It seems like Sony are really starting to open up about the nitty-gritty details of the PlayStation 5 hardware this week, with a detailed teardown of the console revealing that the console has much-rumoured removable side panels and showing how to access the slot to install an M.2 NVME SSD to expand the console’s internal storage.
The teardown starts with the PS5 in its upright configuration, allowing Yasuhiro Ootori, VP Mechanical Design Dept. to demonstrate that the base is secured in this orientation with a screw. However, it also clips onto part of the back of the case, allowing for it to still be secure when the console is horizontal. Instead of leaving an unsightly screw hole (heaven forbid!), the base stores a little magnetic screwhole cover in its snazzy rotatable design.
To get at the console’s innards, you remove the entirety of the console’s side panels – we can surely expect these to come in different colours sometime soon, if you want an all black console to hide away in your TV cabinet. This reveals the large fan in the upper left corner of the console. The black plastic shroud to the console’s innards feature some dust catcher holes where you should be able to vacuum out dust that has been caught up in the console to maintain its quiet cooling.
The SSD expansion slot is hidden behind the unit’s shroud, with a removable panel revealing a standard M.2 SSD slot, capable of accommodating all standardised lengths of SSD.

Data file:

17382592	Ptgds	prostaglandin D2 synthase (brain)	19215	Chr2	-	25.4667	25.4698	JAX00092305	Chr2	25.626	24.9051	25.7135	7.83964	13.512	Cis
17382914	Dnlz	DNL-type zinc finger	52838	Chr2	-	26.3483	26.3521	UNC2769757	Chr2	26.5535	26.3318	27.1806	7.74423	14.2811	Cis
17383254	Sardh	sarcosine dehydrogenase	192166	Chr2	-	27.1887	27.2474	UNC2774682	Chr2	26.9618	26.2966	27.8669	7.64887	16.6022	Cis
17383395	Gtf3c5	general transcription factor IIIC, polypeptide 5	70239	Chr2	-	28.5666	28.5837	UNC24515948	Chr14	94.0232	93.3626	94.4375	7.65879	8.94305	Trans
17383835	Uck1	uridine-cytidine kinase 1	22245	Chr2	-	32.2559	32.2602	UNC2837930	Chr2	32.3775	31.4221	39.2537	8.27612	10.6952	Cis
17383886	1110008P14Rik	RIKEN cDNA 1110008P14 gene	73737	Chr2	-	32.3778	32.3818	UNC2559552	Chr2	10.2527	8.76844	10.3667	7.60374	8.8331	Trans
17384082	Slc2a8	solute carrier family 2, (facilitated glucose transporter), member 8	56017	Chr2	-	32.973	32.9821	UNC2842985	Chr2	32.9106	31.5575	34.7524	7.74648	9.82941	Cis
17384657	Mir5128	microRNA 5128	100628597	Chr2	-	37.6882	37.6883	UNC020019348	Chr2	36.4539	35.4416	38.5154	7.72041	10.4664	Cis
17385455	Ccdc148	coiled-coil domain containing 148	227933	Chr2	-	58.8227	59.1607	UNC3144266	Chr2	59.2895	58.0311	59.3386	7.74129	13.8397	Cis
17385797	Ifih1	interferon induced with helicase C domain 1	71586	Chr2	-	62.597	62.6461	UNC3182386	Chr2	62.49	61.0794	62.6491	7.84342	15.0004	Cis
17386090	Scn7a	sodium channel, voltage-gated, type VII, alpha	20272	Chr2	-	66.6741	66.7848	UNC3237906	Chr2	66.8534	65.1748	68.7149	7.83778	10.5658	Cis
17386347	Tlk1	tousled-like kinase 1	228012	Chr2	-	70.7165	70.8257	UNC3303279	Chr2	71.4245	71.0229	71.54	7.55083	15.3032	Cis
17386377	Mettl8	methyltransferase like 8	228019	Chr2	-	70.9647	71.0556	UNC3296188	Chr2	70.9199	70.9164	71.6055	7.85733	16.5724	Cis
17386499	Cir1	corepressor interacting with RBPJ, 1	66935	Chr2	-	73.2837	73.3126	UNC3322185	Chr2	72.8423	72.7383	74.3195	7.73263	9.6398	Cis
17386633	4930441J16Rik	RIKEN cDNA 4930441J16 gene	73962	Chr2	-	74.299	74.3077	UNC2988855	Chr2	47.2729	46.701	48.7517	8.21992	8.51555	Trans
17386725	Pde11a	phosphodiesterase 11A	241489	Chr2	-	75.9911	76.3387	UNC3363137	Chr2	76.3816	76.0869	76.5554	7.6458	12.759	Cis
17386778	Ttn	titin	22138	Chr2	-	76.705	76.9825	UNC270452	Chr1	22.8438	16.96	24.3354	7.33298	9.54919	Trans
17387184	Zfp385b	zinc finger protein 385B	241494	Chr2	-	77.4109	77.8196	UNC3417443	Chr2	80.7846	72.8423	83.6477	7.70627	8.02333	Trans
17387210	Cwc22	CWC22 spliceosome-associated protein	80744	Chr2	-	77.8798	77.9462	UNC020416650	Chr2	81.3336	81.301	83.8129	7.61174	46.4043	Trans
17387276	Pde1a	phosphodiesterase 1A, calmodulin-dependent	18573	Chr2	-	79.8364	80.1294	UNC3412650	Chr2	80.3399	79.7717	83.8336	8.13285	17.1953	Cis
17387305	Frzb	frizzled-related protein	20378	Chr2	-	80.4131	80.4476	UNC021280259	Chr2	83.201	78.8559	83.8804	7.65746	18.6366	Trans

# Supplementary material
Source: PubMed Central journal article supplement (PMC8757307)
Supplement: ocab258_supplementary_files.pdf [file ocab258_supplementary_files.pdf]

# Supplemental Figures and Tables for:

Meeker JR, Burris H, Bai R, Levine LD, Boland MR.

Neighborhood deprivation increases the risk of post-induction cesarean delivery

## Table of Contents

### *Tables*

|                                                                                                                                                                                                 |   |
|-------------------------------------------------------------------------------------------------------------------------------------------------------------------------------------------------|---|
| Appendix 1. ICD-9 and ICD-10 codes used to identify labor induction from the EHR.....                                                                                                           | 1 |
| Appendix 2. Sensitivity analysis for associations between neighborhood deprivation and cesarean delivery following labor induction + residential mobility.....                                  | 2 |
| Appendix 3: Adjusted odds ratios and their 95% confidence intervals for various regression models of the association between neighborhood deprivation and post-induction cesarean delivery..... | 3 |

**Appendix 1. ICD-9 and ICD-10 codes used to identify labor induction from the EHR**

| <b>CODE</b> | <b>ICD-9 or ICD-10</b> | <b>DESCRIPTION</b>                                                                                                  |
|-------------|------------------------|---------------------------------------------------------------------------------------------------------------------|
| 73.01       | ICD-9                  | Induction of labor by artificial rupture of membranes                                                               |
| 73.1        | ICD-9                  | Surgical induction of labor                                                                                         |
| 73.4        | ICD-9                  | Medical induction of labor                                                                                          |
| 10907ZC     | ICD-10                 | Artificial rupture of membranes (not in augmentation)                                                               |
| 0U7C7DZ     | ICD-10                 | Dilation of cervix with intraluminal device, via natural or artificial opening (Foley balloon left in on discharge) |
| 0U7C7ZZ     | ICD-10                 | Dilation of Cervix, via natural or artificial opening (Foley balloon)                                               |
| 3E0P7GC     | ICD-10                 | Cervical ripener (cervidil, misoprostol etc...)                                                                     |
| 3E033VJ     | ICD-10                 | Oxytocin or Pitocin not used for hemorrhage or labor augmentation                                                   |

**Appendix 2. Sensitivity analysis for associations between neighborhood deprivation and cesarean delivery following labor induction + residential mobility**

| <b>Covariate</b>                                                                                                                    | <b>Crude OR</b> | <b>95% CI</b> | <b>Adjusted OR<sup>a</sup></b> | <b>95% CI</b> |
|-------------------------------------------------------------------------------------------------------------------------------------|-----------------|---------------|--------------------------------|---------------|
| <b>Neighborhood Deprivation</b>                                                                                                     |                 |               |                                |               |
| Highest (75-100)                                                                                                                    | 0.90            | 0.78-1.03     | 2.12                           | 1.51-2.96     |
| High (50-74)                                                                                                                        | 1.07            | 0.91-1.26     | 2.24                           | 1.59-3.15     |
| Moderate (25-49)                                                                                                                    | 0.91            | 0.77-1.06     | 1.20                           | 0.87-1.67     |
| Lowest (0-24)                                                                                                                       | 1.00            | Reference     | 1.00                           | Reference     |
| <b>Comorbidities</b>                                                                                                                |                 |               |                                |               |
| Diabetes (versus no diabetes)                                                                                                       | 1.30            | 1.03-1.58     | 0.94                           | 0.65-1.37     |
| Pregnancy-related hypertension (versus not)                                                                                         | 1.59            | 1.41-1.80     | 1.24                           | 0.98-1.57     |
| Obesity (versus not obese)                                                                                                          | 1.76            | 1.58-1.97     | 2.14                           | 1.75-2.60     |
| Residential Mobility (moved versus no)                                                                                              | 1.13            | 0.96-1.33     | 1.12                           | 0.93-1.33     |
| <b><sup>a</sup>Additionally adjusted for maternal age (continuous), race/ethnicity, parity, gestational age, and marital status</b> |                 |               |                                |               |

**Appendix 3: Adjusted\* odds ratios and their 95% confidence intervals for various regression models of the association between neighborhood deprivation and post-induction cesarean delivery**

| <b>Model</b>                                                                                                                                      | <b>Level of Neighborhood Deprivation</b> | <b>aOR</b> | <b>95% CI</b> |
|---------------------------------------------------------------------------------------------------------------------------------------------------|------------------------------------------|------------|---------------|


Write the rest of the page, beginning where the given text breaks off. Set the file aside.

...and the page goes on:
The fan is a real chonker. It’s 120mm in diameter, but her 45mm thickness and is a double-sided intake blower that should effectively push air through the rest of the console. It’s a huge step up over the fans found in the current PlayStation 4 designs, that’s for sure.
Removing more of the case, and the PS5’s huge motherboard is revealed with all the components nicely spread out. It’s confirmed that the PS5 uses liquid metal for the TIM to allow for long-term high cooling performance and transfer to the heatsink. Which is absolutely massive. Made up of several distinct units of aluminium fins and with copper heatpipes connecting them, it’s a work of art. The size of it allows Sony to get the same level of performance as the vapour chamber heatsinks used in Xbox One X and Xbox Series X, though sacrifices size to get there.
Finally, the built in power supply is rated at 350W.
Source: PS Blog